This is one of those very divisive issues in the church, with various positions passionately argued. My intention here is simply to look at the claims of some Christians that Scripture demands total abstinence of all alcohol for all believers.
It is of course quite clear that Scripture repeatedly warns about excessive alcohol use, resulting in drunkenness (see eg., Prov. 20:1; Eph. 5:18). And certain individuals or groups were told to abstain from alcohol (eg., the Nazarites – Num 6:1-3), or chose to avoid it (eg., Daniel and his friends while in captivity – Dan 1:8). But on other occasions the use of alcohol is given the Scriptural green light, as in Proverbs 31:6 and 1 Timothy 5:23.
Of course those promoting complete abstinence seek to argue that such verses do not refer to real wine, but to unfermented grape juice or radically watered down wine. How accurate are these claims? Who is right here? One need not examine every passage pertaining to alcohol to sort through these matters.
Simply looking in detail at one episode in the biblical narrative is sufficient here. The story of the wedding at Cana as recorded in John 2:1-12 is all about wine and its use, so a close inspection of the episode should suffice in sorting these matters out.
If one just took note of verses 9-10 that should make it clear that this was not water being changed into unfermented grape juice: “The master of the banquet tasted the water that had been turned into wine. He did not realize where it had come from, though the servants who had drawn the water knew. Then he called the bridegroom aside and said, ‘Everyone brings out the choice wine first and then the cheaper wine after the guests have had too much to drink; but you have saved the best till now’.”
Moreover, knowing a bit about first century culture and practice helps us greatly in ascertaining what is going on here. Craig Keener spends some time on this in his helpful two-volume commentary on John. He writes, “Wine was not merely unfermented ‘grape juice,’ as some popular modern North American apologists for abstinence have contended.
“Before hermetic sealing and refrigeration, it was difficult to prevent some fermentation, and impossible to do so over long periods of time. Nor was wine drunk only to purify the water, as some have also claimed. . . . Wine was a standard part of daily life in the ancient Mediterranean world, and Palestine was no exception.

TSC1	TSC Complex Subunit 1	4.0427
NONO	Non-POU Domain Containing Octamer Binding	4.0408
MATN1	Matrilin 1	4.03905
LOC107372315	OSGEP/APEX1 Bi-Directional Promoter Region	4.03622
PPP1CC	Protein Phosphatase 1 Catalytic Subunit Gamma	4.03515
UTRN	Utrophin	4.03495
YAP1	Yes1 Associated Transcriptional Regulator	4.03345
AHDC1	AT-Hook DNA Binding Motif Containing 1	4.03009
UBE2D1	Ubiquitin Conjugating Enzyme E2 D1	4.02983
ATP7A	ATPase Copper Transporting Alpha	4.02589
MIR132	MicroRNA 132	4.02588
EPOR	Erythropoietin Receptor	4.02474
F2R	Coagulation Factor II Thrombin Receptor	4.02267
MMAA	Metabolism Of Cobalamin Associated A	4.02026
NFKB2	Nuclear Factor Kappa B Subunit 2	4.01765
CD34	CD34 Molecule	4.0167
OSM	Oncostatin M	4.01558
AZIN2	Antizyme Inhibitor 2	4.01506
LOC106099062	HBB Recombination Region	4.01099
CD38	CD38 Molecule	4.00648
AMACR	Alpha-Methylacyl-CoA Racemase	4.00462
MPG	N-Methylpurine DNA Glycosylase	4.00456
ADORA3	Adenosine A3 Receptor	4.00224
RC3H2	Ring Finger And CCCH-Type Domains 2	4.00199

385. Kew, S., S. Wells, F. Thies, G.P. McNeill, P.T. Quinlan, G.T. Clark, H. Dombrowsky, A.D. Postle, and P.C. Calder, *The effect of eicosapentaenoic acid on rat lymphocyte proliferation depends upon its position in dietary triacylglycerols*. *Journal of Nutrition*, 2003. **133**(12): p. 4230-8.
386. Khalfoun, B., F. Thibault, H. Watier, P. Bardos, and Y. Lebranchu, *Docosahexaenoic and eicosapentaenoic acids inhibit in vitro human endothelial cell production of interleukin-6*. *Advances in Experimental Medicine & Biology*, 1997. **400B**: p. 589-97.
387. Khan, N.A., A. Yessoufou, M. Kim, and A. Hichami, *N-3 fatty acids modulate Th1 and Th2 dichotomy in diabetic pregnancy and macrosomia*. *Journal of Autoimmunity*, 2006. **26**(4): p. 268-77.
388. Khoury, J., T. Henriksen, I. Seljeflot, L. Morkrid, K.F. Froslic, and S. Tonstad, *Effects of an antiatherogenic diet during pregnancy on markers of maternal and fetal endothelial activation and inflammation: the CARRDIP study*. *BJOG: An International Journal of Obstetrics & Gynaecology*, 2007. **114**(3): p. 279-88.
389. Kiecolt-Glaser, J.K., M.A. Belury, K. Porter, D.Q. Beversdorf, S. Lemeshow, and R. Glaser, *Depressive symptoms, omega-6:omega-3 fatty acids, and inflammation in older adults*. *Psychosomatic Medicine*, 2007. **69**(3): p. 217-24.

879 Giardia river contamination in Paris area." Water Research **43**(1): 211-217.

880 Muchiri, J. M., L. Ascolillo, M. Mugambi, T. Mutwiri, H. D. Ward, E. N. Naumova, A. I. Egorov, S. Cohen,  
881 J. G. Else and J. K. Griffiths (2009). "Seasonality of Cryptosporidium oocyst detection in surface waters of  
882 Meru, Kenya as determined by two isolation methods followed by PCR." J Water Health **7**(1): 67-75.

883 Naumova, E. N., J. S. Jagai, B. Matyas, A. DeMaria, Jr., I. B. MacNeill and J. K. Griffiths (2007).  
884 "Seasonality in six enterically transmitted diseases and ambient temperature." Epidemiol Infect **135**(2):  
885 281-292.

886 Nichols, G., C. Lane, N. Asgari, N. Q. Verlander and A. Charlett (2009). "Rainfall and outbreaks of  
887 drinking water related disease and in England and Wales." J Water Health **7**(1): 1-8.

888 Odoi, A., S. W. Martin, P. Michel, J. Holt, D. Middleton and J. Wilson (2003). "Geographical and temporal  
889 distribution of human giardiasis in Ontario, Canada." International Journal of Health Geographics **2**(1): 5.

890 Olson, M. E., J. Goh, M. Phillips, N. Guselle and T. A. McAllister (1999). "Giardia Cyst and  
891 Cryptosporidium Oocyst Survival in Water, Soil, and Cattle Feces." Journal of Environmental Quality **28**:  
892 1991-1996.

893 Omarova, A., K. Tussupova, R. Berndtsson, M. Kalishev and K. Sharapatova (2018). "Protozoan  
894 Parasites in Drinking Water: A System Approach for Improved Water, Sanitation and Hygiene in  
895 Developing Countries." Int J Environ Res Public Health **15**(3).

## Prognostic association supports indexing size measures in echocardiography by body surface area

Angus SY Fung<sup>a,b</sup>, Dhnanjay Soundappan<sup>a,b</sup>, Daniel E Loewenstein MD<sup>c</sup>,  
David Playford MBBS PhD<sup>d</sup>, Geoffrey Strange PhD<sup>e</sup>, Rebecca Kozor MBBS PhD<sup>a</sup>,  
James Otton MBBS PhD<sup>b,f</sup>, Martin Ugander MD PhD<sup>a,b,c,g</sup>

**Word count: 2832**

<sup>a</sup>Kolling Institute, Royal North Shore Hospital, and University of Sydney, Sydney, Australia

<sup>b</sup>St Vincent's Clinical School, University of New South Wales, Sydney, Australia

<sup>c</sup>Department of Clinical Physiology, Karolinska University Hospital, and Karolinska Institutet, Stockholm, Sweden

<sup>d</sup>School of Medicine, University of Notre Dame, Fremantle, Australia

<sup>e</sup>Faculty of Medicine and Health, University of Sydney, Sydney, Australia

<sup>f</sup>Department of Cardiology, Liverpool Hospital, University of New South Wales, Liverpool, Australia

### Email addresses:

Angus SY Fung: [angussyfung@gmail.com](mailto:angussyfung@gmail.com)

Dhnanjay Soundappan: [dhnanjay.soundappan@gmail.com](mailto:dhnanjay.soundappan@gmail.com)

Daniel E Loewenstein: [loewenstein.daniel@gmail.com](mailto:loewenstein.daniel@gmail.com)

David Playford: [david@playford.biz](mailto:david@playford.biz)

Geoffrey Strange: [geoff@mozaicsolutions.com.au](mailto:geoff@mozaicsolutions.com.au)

“Seven or more Galilean cities and villages were heavily engaged in wine production, which constituted one of Galilee’s primary industries. Jewish texts assumed the importance (and necessity) of wine for festive occasions, including in the blessing for Sabbath meals and at weddings.”
Many teetotallers will try to appeal to the original terms here, especially in the New Testament. The trouble is, many of these folks know little or nothing about New Testament Greek – or about Hebrew and Aramaic in the Old Testament. Yet they will try to argue that the terms can refer to just grape juice, and so on.
Even respected Christian apologists like Norman Geisler try to claim that NT wine was extremely watered down wine, and you would need to drink heaps of it to feel any effect. These folks mean well, but we must remain true both to Scripture and what we know of Jewish culture and tradition.
D. F. Watson has penned a very important article on wine in the superlative Dictionary of Jesus and the Gospels. He begins with these words: “The main words for wine are the Hebrew yayin, the Aramaic h’mar, and the Greek oinos. . . . All wine mentioned in the Bible is fermented grape juice with an alcohol content. No non-fermented drink was called wine.”
He goes on in quite some detail, looking at old wine, new wine, strong drink, and so on. He continues, “Wine was consumed at daily meals (Gen 14:18; Judg 19:19; 1 Sam 16:20; 2 Chron 11:11; Is 55;1; Dan 1:5; Lk 7;33-34). . . . Wine used at the Last Supper was probably mixed three parts water to one part wine.”
He reminds us that in Scripture wine was associated with feasting and celebration (eg., Esther 1:7-9; Is 25:6; Dan 5:1), as well as weddings of course. And abundant wine was considered to be a sign of God’s blessing and favour (Gen 27:28, 37; Deut 7:13; Ps 104:15; Joel 2:24, etc). Conversely, a lack of wine was seen as God’s judgment (Deut 28:30; Is 16:10; Jer 48:33; Zeph 1:13).